Friday, April 19, 2019
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The problems with developing football's future star players

So Barcelona are European champions again. With Georgio Chiellini ruled out of the final, Patrice Evra had to justify the game’s other over-hyped sub-plot. And justify it he did - failing to react to Buffon’s parry and allowing Luis Suárez to nip in and crash the rebound home. But there was another barely-mentioned subtext to this game that deserves some thought.

 

 

In May 2008, Manchester United sold a 21-year-old Gerard Piqué to Barcelona for £5m. That same summer, United got £5.5m from Sunderland for Kieran Richardson.



Fast-forward 5 years. In the summer of 2012, Paul Pogba walked away from Old Trafford to join Juventus. For free. A month earlier, United paid £4m for Crewe teenager Nick Powell.



In a recent Telegraph poll, Pogba (45%) and Piqué (19%) were ranked as Ferguson’s two biggest Old Trafford failures - bigger even than the Jaap Stam (18%) and Bebé (7.5%) debacles.



It was the right decision at the time’



Of course, hindsight is always 20/20. The fact that Piqué has become one of the most decorated defenders in the history of the game with club and country, and the fact that Pogba is now regarded as the hottest midfield ticket in world football, doesn’t automatically mean it was a mistake - at the time - for either player to leave.



Nor should this be to blame for United’s subsequent struggles at the centre of their defence and midfield. After all, not all players who achieve world class calibre showed the potential for it by age 22.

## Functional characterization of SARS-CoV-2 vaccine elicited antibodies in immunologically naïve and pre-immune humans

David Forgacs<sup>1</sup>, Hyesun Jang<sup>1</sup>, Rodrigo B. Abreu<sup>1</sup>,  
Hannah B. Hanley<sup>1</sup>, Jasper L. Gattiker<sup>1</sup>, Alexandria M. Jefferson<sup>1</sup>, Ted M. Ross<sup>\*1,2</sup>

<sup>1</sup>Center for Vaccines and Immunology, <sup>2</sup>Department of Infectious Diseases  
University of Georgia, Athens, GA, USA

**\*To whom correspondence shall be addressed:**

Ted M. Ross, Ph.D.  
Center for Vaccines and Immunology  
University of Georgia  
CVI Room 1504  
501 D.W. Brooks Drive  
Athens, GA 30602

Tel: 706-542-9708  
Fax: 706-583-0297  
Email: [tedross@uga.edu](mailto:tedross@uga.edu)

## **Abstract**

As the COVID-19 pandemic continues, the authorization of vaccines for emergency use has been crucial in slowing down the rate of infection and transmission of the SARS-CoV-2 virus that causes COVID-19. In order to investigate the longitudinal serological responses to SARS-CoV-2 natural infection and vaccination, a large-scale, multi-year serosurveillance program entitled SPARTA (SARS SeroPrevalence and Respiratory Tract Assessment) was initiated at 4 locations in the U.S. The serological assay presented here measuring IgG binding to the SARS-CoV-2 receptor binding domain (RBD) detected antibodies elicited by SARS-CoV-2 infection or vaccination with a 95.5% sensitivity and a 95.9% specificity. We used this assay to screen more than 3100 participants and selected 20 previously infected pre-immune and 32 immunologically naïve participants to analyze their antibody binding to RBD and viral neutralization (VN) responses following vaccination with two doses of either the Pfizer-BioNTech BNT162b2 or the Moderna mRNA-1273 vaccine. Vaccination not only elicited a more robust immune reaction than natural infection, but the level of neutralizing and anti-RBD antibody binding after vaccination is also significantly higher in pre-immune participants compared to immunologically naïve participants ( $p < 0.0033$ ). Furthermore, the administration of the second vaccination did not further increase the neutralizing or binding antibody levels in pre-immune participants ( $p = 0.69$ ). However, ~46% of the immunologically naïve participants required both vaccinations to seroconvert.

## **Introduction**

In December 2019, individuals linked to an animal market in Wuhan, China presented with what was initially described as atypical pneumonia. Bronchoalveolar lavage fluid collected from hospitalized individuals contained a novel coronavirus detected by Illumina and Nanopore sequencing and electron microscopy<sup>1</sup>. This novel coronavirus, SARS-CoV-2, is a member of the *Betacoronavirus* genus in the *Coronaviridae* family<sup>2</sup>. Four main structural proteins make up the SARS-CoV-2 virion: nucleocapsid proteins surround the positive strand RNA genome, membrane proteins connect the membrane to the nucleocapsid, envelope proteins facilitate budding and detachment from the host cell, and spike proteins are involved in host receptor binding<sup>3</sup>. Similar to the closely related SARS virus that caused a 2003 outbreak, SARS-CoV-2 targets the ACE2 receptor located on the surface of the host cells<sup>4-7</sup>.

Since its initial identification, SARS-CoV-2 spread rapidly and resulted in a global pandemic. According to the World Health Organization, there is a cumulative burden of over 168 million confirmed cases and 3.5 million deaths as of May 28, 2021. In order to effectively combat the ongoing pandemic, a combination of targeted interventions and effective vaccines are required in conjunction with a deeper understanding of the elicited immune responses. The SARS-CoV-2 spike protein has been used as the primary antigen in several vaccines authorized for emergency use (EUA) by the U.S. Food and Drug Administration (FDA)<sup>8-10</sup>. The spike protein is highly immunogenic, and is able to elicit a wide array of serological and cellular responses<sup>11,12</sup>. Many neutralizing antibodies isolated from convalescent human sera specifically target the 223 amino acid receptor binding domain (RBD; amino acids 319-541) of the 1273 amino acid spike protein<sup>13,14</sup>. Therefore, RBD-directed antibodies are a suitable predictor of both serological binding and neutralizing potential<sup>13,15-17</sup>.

Ferguson, of course, would point to obvious justifications for both departures. Piqué was homesick and longed to rejoin his boyhood club. And, in Nemanja Vidić and Rio Ferdinand, United had one of the finest centre back pairings in the world.



"I always thought he would do well. We were disappointed to lose him but we understood at the time that his family desire was to go back to Barcelona. He looked at Ferdinand and Vidić and wanted to be in the first team immediately.” -- Alex Ferguson on Piqué, before the 2009 Champions League Final

Gerard Pique at Manchester United (courtesy of Burton Mail)



With Pogba, Ferguson would say he did all he could to convince Pogba he was part of United’s future - giving the Frenchman his Premier League debut aged 18. But, in the end, the player showed a ‘lack of respect’ after having his head turned by agent Mino Raiola. Just desserts for the Manchester club perhaps, given the way they lured Pogba from Le Havre in the first place.



"Pogba signed for Juventus a long time ago as far as we're aware. It is disappointing. I don't think he showed us any respect at all, to be honest. I'm quite happy that if they carry on that way, they're probably better doing it away from us." -- Alex Ferguson on Paul Pogba


Paul Poga at Manchester United (courtesy of Caught Offside)



Regardless, it was difficult to watch both players contest Saturday’s Champions League final without indulging in a few ‘what ifs’. Could United’s recent struggles and the questionable legacy of Ferguson’s final years as manager been avoided?